Thumbs down: Five years later, many are still feeling recession
When Lehman Brothers, the nation's fourth-largest investment bank, filed for bankruptcy on Sept. 15, 2008, few of us understood what was ahead or how long the road back would be.
The collapse has come to symbolize the sharp downturn of the Great Recession, although economic researchers date the beginning to December 2007 and the end to June 2009. But five years after Lehman Brothers, the nation's economy is still working on recovery.
Attitudes about the economy have improved, and this week President Barack Obama stressed the progress that has been made, pointing out that the unemployment rate has fallen, financial institutions "are safe" and health-care costs are rising more slowly than in the past.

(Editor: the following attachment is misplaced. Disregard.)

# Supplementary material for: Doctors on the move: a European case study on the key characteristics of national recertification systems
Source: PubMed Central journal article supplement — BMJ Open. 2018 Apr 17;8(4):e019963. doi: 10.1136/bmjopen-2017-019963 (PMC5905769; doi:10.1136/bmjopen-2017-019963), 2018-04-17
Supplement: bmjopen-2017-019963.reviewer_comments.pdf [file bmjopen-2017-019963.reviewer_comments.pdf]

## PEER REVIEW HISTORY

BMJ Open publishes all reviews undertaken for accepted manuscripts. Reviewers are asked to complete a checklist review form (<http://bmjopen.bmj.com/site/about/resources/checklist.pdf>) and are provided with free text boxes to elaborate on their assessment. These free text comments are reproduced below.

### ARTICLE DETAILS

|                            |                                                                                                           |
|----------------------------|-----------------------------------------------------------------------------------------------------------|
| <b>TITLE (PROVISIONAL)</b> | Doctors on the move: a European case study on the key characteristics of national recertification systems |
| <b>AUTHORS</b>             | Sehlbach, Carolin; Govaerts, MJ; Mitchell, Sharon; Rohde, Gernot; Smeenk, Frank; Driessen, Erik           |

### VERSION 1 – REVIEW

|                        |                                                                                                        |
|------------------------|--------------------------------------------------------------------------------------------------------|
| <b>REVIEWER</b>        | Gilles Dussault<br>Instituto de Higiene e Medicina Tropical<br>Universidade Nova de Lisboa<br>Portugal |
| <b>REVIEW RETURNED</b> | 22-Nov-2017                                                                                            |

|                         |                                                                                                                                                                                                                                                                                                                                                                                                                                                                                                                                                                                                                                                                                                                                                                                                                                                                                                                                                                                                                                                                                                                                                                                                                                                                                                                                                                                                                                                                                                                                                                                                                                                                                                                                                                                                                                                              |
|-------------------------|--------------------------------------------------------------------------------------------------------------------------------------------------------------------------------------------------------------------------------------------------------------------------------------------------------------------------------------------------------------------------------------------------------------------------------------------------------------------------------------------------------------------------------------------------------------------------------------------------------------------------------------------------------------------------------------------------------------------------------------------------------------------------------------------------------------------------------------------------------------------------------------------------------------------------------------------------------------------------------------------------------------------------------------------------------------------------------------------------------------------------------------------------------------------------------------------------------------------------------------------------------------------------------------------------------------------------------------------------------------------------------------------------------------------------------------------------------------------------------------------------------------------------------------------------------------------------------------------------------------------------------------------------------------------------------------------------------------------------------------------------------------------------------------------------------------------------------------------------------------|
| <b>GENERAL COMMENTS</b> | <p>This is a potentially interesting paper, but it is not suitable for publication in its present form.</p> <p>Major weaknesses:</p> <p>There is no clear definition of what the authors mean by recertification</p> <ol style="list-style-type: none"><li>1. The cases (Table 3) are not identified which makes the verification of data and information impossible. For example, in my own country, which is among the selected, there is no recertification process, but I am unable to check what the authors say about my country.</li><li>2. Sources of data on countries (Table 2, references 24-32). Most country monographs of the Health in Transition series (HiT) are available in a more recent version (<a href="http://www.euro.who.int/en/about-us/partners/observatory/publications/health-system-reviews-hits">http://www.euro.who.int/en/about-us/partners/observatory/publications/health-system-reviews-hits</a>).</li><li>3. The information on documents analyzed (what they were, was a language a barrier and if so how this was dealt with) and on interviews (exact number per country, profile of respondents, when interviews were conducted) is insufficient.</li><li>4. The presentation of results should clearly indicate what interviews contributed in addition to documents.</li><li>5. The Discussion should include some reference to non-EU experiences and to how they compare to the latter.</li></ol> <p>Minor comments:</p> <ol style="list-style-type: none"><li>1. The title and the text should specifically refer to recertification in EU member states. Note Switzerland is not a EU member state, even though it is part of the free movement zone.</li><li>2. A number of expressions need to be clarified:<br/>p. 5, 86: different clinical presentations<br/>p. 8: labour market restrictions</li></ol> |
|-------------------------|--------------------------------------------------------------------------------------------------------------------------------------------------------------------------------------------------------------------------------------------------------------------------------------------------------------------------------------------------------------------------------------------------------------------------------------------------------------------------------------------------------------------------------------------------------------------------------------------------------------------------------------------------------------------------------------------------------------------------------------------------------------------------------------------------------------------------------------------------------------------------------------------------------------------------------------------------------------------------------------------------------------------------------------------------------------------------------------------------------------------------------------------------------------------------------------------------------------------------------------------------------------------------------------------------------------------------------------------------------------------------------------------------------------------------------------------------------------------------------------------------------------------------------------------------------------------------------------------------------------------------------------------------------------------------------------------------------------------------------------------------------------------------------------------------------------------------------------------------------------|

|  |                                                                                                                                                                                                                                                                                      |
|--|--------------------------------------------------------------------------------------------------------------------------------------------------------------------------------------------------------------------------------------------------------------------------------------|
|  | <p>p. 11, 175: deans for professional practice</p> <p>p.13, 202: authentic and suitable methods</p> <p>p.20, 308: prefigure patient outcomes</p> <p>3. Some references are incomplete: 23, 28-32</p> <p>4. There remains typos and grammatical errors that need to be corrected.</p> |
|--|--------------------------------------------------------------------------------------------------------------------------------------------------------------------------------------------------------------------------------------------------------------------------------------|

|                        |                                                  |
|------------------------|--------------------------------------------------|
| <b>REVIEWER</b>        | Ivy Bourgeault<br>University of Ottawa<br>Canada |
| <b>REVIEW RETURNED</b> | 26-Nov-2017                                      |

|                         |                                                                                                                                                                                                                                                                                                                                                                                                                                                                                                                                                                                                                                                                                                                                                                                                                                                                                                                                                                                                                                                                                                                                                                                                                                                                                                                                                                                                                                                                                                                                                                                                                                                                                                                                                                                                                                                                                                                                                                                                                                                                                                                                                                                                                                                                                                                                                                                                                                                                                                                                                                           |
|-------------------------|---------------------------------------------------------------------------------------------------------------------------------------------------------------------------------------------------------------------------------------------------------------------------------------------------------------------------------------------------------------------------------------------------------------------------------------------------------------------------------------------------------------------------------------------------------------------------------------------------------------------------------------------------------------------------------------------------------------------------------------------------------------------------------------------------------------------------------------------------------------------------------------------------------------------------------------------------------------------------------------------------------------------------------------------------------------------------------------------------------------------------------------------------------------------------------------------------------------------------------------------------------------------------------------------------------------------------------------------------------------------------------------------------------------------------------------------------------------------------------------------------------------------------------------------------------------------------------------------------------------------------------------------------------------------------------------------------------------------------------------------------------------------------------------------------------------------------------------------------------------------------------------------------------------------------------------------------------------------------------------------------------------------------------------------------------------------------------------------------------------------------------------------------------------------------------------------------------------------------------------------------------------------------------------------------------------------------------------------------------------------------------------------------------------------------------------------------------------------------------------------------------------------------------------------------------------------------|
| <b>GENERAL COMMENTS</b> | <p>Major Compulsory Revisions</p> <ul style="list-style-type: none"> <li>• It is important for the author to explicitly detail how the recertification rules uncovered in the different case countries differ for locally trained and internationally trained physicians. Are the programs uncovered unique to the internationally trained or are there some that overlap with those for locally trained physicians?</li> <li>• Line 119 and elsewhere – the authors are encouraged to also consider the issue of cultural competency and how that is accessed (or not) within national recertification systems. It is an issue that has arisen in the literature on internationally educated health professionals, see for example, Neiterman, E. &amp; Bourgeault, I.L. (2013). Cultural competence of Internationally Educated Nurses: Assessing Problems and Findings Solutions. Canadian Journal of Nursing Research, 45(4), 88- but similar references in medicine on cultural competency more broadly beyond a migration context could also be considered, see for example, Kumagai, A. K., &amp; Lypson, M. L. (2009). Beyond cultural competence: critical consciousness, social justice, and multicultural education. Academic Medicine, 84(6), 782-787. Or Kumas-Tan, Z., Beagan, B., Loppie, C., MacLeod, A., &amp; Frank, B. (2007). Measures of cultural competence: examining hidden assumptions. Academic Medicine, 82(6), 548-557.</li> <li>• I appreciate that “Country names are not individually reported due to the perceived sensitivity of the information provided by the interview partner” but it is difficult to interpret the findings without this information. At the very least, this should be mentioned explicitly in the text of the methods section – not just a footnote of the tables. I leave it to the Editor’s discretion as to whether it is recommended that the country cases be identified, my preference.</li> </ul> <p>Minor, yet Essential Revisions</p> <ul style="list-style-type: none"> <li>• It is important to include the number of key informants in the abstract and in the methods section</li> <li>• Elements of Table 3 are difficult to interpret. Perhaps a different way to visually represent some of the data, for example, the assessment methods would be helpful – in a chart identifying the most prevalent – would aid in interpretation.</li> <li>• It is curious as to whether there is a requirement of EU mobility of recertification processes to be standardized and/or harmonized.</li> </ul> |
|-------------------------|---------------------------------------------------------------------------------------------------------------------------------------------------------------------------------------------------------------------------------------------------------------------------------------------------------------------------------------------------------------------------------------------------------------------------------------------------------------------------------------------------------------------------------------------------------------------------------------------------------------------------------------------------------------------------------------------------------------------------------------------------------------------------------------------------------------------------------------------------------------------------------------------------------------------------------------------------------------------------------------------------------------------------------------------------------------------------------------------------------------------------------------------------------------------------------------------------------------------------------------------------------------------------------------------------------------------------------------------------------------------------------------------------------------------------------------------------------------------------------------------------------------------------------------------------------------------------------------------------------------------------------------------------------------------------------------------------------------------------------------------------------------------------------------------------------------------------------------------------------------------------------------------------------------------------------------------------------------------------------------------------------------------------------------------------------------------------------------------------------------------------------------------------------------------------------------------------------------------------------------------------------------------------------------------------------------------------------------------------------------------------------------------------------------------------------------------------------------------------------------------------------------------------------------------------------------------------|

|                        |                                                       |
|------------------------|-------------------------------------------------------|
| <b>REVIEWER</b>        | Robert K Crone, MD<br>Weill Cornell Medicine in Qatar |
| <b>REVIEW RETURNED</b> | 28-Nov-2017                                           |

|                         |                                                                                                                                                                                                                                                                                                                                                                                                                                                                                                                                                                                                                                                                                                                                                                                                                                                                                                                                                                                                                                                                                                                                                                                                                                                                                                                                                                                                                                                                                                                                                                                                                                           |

But the progress on the job front has been uneven at best, with higher employment among upper-income levels and lower-income families facing unemployment rates as high as 20 percent. Polls taken last week also show across-the-board concern about jobs and the future. The percentage of workers who say they are worried about layoffs or setbacks at work is nearly double the level in weeks prior to Lehman.
Equally telling is what people say they are spending these days.
Gallup does a regular tracking survey and asks Americans how much they spent the prior day, leaving out routine monthly bills and major purchases such as a car or home to get a sense of discretionary spending.
Consumers' self-reported spending for the first week of September 2008 averaged $113 per day, according to the poll. That dropped to $60 a year after Lehman, and though it has gradually improved, this year it remains short of 2008 levels -- standing at $86 per day last week. August's average was $95, the highest monthly average since 2008, so we can hope that is a good sign for the fall.
Five years later, the slow recovery continues, but for many Americans, it still has a long way to go.
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